Backwashable Water Filters vs Cartridge Water Filters - What's Best?


A backwashable water filter or media filter, uses a tank that’s filled with some type of filtering media to treat water. It can be used to remove particles from the water; neutralize the pH of acid water; oxidize iron and sulphur. They can also be used to absorb certain chemicals such as chlorine, chloramine, and fluoride from your families water. It’s function is totally determined by what media is used inside the tank.
Untreated water flows into the tank through the valve and passes through the media, which either removes the contaminants or changes them in some way. Cleaner, better water then can flow into your home for your family.
After a pre programmed period of time, usually about 5 days, the automatic back wash filter cycle begins. Controlled by the valve, water flows through the filter media in the reverse direction, that is back washing the media and removing the contaminants that have collected in the media and flushes them away, leaving the filter clean and ready to treat more water. In those systems where the media doesn’t pull out the contaminants, the backwash cycle serves to help prevent the media from being packed down and keeps it in good condition. 
A back wash cycle lasts for about 6 to 15 minutes. Water is forced down through a tube in the middle of the tank and then upwards through the filter bed, causing the media to expand, and as it does, the water carries the particles we’ve been filtering out to the drain. At the end of the back wash cycle, the valve changes the direction of water flow through the filter and the water flows quickly downward to re-pack the media bed so that it is ready for the next service cycle.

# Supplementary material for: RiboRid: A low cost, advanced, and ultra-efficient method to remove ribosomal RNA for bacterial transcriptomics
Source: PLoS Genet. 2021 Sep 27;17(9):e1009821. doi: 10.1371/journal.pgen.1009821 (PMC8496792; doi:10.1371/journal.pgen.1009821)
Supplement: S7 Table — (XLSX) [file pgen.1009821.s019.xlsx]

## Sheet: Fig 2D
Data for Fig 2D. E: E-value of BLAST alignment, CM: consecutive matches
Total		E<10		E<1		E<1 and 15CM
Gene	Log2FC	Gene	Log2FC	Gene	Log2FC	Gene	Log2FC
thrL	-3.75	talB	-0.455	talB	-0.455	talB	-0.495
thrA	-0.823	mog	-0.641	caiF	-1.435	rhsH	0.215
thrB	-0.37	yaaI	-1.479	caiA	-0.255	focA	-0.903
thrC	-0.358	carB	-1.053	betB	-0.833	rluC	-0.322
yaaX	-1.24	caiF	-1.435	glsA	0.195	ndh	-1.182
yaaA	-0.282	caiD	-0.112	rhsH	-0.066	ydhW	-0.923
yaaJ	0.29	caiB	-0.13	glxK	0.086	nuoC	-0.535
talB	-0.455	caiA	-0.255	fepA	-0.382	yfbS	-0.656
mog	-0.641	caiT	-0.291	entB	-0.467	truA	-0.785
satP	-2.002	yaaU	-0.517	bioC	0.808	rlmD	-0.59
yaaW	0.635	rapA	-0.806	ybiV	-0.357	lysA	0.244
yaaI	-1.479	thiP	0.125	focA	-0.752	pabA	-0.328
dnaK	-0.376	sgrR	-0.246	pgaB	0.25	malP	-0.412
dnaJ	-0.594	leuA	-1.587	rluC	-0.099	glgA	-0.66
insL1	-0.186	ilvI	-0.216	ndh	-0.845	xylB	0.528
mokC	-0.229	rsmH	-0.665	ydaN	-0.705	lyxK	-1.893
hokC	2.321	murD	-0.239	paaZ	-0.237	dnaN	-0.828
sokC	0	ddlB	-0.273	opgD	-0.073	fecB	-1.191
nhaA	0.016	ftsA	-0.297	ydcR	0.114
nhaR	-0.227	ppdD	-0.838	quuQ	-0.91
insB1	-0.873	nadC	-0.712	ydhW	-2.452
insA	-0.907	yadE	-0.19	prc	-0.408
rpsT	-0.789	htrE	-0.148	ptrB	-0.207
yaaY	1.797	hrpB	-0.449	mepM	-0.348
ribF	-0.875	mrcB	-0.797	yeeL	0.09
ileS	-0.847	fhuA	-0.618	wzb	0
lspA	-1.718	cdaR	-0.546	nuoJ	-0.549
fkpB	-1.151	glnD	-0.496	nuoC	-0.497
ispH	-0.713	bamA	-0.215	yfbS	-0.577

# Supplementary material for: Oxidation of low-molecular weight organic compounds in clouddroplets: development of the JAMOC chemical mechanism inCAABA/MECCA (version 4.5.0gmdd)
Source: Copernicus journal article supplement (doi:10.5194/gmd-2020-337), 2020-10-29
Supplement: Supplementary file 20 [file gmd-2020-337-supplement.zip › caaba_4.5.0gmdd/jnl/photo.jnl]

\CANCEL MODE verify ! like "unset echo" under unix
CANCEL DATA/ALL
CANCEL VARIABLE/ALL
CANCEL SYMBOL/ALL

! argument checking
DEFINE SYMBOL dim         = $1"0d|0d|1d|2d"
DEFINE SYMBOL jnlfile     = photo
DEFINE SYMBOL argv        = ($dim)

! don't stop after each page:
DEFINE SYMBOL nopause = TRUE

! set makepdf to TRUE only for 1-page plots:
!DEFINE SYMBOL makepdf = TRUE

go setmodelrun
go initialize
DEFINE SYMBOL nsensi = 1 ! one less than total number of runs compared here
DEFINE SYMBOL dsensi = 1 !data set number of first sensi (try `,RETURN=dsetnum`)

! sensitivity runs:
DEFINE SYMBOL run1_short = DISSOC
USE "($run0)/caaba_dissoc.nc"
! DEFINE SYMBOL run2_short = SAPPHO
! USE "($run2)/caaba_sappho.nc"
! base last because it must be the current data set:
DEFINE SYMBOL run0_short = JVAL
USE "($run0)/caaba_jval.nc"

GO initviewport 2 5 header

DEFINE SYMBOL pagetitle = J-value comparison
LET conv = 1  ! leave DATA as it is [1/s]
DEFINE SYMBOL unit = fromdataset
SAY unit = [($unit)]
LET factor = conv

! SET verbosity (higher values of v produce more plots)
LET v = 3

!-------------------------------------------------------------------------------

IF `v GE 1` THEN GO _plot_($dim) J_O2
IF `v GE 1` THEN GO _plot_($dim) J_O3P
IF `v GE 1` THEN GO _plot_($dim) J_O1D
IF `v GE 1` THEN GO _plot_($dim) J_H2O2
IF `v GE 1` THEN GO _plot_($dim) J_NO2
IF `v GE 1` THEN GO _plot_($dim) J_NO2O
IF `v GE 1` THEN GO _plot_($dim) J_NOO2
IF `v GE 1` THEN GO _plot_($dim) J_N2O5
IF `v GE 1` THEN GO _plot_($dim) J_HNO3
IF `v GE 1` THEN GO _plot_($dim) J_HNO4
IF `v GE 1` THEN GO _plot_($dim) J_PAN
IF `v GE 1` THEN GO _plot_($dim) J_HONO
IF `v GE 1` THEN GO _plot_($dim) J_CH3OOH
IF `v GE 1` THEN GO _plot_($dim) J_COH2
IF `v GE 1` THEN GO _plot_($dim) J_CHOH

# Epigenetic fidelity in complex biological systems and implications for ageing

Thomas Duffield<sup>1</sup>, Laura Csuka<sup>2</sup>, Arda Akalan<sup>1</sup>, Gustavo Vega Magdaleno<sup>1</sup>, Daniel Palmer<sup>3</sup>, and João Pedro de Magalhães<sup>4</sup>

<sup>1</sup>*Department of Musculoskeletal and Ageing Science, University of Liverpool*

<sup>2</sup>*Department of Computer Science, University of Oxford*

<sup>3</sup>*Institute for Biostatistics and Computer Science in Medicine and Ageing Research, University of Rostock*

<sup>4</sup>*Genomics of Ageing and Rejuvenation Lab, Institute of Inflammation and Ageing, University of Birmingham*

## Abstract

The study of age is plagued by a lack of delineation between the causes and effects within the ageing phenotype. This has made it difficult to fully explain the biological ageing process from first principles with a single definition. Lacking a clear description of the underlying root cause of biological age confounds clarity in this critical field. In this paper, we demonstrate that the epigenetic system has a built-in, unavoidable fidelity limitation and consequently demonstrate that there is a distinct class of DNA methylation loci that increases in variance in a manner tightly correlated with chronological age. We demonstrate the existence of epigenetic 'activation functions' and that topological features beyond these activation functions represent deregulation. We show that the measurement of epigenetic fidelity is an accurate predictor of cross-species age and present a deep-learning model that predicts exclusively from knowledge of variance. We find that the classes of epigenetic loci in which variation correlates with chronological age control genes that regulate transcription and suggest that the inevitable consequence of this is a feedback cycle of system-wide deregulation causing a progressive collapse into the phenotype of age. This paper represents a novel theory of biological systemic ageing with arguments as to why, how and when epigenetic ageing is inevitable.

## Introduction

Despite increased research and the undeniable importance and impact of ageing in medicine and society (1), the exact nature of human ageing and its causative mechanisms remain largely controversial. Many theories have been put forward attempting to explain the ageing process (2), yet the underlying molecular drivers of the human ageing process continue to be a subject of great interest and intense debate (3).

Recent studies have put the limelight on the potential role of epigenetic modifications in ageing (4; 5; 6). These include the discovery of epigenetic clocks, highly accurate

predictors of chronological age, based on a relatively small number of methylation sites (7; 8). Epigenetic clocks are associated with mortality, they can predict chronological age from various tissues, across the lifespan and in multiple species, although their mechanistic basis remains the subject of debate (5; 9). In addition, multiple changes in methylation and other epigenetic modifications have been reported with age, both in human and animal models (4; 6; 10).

No chemicals to add or replenish and you get very long filter life, often 15 to 20 years!.
If we compare that to a cartridge type filter where water flows through trapping the particles inside the filter until it clogs. Since there is no way of backwashing or cleaning these filters, they are just thrown away either after 1 year of use or whenever they become clogged, whichever comes first.
Your initial investment is always lower with a filter cannister and disposable filter but the extra cost and maintenance (check out this video of mine to learn how to replace one of these filters) makes the automatic back washing filter a wiser investment for your family.


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  • Gary Beutler